plot. The shape of this curve is distinctive for each material and
dependent on the material, as well as the temperature of the
material and speed of loading. The final curve reveals the critical properties of the material and is a final test to see if it delivers the properties the designer or engineer is looking for.
In the area of metal fabrication, tool manufacturers continue
to develop creative solutions to small part machining challenges.
For example, Pulse Systems has done work in producing parts that
combine the capabilities of turning by conventional machining
with very fine features cut on a laser, according to Bellucci.
“We’re able to run tubing in our Swiss screw machines and
then process on a laser workstation as a secondary operation,”
In response to trends in customer supply chain consolidation,
Pulse Systems is moving toward a“value-added”approach to precision metal manufacturing. Rather than focusing on individual
components, they are seeking projects that are combinations of
parts, requiring multiple capabilities.
“Minimally invasive devices and implants are demanding
smaller and smaller parts, with tighter tolerances,” said Bellucci.
“We have added CNC machining capabilities for small parts,
which opens new business opportunities for us in value-added
assembly of welded sub-assemblies. Our new CNC machine tools
are specifically configured for small parts, with very fine features.
We’re making machined parts .030 inches in diameter or smaller,
with features of .001 inch or less and tolerances of a few ten-thou-
sandths of an inch.”
One thing that can slow down prototyping and production is
the lead time for raw materials and components. In recent years
many suppliers have changed their model from stock to made-
to-order. In product development and prototyping, changes fre-
quently take place; delays caused by suppliers also make speed to
“ASI is able to manage these challenges through our specialized enterprise resource planning systems,”said Pavlik.“The systems manage and track every raw material and every component
necessary for production. Everything is integrated, from our pro-totype/design phase to production, sterilization and delivery, allowing us to anticipate raw materials in the early stages.”
One of the biggest challenges with prototyping and production is
a non-technical one—maintaining clear lines of communication
between all parties involved to ensure no small details are missed.
Informed, quick decisions have become an absolute necessity for
success in the medical device market. Project managers must communicate clearly with OEM engineers, buyers and management,
all of whom may have a variety of input; they also must confirm
all information is relayed accurately to sub-vendors and that all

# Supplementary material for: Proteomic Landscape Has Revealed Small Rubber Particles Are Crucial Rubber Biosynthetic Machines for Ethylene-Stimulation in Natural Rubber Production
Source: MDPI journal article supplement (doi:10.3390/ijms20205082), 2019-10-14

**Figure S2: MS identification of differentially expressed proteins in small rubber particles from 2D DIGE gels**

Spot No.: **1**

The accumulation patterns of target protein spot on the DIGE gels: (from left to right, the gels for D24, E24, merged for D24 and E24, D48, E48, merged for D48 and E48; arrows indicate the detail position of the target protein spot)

production issues/solutions are relayed back to the OEM.
This becomes especially complex when there are many sub-assemblies and components, coming from different vendors,
FEATURE: Prototyping & Production
which may be scattered around the world in today’s global sourcing market.
“The best way to overcome these communication challenges is
to ensure detailed change control is clearly defined and implemented, along with specific team member role and responsibility
delineations, in the standard operating procedures (SOPs) for all
suppliers and vendors,”said Bhugra.
Although this may seem straightforward, he noted, it is often
untested until unusual circumstances arise and an appropriate response becomes dependent on someone’s interpretation, which
may be error prone, rather than on detailed SOPs.
“Also, compliance with GMP (good manufacturing practices)
and ISO 13485 standards is required to support the framework of
effective information transfer,” said Bhugra.“Additionally, ongo-
ing training of staff and new hires must not be overlooked and is
an area in which we continually invest.”
Bhugra also indicated that customers are requesting greater
visibility into process measurements and assessment of any met-
ric variances. The company has responded by providing customers
with specific statistical process control measures such as biobur-
den testing for work-in-process and clean-room environments,
ongoing sterile packaging validations and batch-based qualifica-
tions of trays and thermoseals, including peel-strength measure-
ments to ensure low variance.
Bellucci stressed there is nothing“magical” about the current
generation of 3-D printing/modeling tools. Despite the impressive ability to produce“good-looking”parts, they are rarely representative of the actual physical characteristics of the part, such as
strength of materials, functionality, reliability, etc.
“The high-tech prototyping methodologies can certainly ac-
celerate the process of getting to a workable design, but there is
ultimately no substitute for actually making the part by conven-
tional methods,” he said.“It all starts with the CAD tools, which
provide the means to develop the models and to communicate
them forward to the manufacturing process. The 3-D printers, the
CNC machines and mold tool-makers all use those CAD files to
do their work.”
Ruffner is excited to see the new materials and advance-
ments in software that allow easier use of additive manufactur-
“To me, the most exciting part is the potential AM has for
bringing jobs back to the U.S.,”he said.“OEMs and contract manufacturers that embrace the need for additive manufacturing will
need to hire new staff to run the equipment, etc. The coolest part
about prototyping is seeing a part go from design to production—
if companies are prototyping then they are innovating, which
means they are making new products that will create more jobs
and boost the U.S. economy.”;
Mark Crawford is a full-time freelance business and marketing/com-munications writer based in Madison, Wis. He can be reached at